British Columbia Daily Snow

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Final Post of the 2022-2023 Season


Multiple storms will impact BC this weekend & early next week. Whistler & SW BC will see light rain/snow showers initially on Sat then heavy snow & lowering snow levels Sun into Mon. The Interior will stay dry for most of closing weekend at remaining ski areas with light showers arriving Sun aftn & heavier snow Sun night. Cool & wet/snowy conditions will likely prevail across BC thru late April.

Short Term Forecast

Snowpack Update and Season Recap:

The dominant storm track this season has been across the Western U.S. from California to Utah and into parts of Wyoming and Colorado, while snowfall was lighter across most of BC. Also, temperatures were generally colder than average for the season as a whole.

As of April 1st, snowpack (the amount of snow on the ground as measured by water content) was 80-90% of average across most ski regions of Southern BC and 90-100% of average across ski regions of Northern BC. In other words, it was a below-average winter for most areas, but not excessively below average. 

The exception was portions of the Okanagan region, including Silver Star and Sun Peaks, where snowfall and snowpack were actually above average this season.

Aside from a few big storm cycles in early November and late November, the early season from November through December was cold and dry across most of BC. The main exception was the Southern Interior, where Fernie and Whitewater received their heaviest snowfall of the season during the month of December. Whistler also ended up having a solid December. 

January was mild and dry across most of Southern BC with below-average snowfall and above-average temperatures.

February ended up being the best month of the season with heavier and more consistent snowfall across both Northern and Southern BC along with near-average temperatures. Areas that experienced a relatively slow start to the season enjoyed outstanding powder conditions during February. 

March started out active but then turned dry mid to late month. Temperatures were much colder than average, however, which delayed lower-elevation snowmelt compared to normal.

While ski season is winding down in April, so far this month has been a bit more active with some nice late-season powder days for ski areas that remain open. Temperatures have also been colder than average so far this month, so despite the relatively light snow season, the onset of melting is (or is going to be) a bit slower than usual this season.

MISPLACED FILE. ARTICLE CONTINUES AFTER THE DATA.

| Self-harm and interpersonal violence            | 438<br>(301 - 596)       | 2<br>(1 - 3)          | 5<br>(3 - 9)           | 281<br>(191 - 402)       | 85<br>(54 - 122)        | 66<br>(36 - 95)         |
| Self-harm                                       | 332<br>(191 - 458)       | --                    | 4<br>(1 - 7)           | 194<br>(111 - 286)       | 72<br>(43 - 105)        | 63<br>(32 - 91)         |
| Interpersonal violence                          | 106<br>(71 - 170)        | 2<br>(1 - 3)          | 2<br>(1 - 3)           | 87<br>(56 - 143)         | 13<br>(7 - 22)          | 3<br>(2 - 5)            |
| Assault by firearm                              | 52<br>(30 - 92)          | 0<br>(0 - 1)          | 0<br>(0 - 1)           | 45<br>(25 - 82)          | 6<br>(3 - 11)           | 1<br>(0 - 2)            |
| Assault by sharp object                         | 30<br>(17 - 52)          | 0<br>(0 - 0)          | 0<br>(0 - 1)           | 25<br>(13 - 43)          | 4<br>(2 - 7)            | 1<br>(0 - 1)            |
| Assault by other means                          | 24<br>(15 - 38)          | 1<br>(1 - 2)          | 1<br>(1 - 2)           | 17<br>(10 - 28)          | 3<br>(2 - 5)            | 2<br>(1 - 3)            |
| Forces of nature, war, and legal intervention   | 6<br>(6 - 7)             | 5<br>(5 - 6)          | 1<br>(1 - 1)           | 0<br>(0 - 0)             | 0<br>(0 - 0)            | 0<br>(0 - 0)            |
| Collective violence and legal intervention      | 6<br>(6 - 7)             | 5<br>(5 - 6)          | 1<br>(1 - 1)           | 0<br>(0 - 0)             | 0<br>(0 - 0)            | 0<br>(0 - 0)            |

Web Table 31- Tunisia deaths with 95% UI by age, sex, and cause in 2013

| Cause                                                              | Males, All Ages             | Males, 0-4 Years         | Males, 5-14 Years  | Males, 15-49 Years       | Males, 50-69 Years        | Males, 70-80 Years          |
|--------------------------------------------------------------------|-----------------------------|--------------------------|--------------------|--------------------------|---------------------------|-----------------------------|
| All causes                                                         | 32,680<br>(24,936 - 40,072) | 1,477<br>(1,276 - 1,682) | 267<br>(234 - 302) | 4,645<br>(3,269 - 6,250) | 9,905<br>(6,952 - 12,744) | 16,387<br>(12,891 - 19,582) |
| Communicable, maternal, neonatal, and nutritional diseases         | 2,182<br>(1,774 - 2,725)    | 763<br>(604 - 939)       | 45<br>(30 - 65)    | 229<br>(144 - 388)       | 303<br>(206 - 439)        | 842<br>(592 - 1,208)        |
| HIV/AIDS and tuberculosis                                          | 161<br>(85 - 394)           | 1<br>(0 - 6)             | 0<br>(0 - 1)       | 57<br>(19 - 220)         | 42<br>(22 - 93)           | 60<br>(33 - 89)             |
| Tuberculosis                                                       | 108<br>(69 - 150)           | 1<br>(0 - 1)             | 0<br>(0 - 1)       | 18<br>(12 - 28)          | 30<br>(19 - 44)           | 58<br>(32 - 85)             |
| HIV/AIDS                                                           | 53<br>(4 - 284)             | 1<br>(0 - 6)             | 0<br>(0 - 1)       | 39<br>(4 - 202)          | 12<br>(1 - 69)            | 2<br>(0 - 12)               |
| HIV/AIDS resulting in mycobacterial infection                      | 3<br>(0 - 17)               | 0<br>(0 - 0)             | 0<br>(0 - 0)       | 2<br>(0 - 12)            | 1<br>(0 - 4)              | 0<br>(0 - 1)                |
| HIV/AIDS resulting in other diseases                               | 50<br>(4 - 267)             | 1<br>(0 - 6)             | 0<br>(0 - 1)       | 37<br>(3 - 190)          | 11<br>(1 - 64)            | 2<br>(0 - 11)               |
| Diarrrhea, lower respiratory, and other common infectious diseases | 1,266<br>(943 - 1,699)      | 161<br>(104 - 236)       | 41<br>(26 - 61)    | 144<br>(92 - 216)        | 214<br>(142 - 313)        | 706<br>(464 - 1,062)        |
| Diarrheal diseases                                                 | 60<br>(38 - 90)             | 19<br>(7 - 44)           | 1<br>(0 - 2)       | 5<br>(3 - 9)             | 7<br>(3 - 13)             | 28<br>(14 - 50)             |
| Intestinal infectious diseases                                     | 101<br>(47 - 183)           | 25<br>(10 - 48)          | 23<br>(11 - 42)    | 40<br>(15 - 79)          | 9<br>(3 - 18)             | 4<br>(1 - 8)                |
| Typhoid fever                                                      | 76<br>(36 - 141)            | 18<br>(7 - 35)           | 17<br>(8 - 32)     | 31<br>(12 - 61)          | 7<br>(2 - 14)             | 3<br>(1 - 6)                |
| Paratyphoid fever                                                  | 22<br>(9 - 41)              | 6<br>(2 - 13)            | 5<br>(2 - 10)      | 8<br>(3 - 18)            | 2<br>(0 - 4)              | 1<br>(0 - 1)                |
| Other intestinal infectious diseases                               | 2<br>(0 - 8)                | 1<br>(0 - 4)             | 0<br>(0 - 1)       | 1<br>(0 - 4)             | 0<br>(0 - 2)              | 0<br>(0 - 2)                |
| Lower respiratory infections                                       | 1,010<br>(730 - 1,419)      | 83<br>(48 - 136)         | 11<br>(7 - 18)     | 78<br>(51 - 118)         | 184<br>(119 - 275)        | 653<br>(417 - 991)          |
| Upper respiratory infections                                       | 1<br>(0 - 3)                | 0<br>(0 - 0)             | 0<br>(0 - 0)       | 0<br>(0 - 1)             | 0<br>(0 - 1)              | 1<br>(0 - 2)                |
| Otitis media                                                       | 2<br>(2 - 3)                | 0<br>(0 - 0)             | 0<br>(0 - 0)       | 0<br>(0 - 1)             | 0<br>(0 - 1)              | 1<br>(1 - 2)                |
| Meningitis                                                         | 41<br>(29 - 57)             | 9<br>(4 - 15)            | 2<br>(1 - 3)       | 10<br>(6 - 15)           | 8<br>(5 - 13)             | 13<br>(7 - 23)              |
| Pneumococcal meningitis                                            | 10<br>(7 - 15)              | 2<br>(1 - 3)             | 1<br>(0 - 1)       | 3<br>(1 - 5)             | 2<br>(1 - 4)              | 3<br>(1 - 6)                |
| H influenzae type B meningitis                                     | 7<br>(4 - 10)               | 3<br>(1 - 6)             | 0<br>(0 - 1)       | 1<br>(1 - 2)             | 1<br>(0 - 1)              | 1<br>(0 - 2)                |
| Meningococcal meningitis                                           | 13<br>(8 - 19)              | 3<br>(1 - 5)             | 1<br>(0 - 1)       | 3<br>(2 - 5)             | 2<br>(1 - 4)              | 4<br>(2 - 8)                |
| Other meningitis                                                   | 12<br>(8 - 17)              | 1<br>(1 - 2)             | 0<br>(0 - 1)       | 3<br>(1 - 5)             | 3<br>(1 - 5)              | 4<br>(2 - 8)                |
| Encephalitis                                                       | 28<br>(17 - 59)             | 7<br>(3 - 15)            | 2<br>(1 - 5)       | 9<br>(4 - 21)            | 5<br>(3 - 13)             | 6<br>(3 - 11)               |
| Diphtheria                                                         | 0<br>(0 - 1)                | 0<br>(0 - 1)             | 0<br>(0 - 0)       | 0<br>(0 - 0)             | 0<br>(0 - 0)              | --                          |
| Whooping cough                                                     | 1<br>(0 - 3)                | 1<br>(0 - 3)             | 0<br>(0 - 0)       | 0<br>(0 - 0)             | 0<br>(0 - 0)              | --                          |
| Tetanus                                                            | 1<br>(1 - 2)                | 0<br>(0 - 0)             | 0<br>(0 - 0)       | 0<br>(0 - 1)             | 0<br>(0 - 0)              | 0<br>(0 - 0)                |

Forecast for Saturday to Tuesday:

We still have 8 ski areas that are open, but 5 of those 8 areas (plus the Whistler half of Whistler-Blackcomb) will be closing for the season at the end of the day on Sunday.

A slow-moving trough of low pressure will impact the area over the weekend and into early next week, with Sunday and Monday being the two most active days.

Whistler-Blackcomb (mostly Blackcomb due to timing) and Grouse Mountain will see late-season powder conditions by possibly late Sunday but more likely on Monday, while any powder for the Interior will have to be enjoyed in the backcountry since most of the snow will be falling after remaining ski areas close for the season on Sunday.

Coastal BC (including Whistler-Blackcomb):

A leading-edge weak storm will result in rain & snow showers developing during the day on Saturday with activity continuing on Saturday night as more moisture arrives in advance of the main/stronger storm. Snow levels on Saturday will range from 900-1,200 meters (3,000-4,000 feet), meaning Grouse Mountain will be squarely in the rain/snow mix zone while Whistler will see all-snow at mid to upper elevations.

Snowfall during this initial round through Sunday morning will range from 5-15 cm (2-6") at Whistler's mid to upper mountain and for other Coast Range areas above the rain/snow line. 

Heavier and more widespread snow can be expected from Sunday morning through Sunday night. A cold front will also move through on Sunday afternoon, with snow levels falling to 150-450 meters (500-1,500 feet) behind the front on Sunday night. Winds will also be strong on Sunday afternoon.

Snow totals from Sunday morning through Monday morning will range from 15-30 cm (6-12") at Whistler-Blackcomb mid to upper mountain and 8-20 cm (3-8") at Grouse Mountain.

Whistler will enjoy fun storm skiing conditions at mid to upper mountain during the day on Sunday. Whistler Mountain will close for the season at the end of the day on Sunday, but Blackcomb will remain open on Monday, and I expect the deepest powder conditions here on Monday morning. Grouse Mountain will also be best on Monday morning.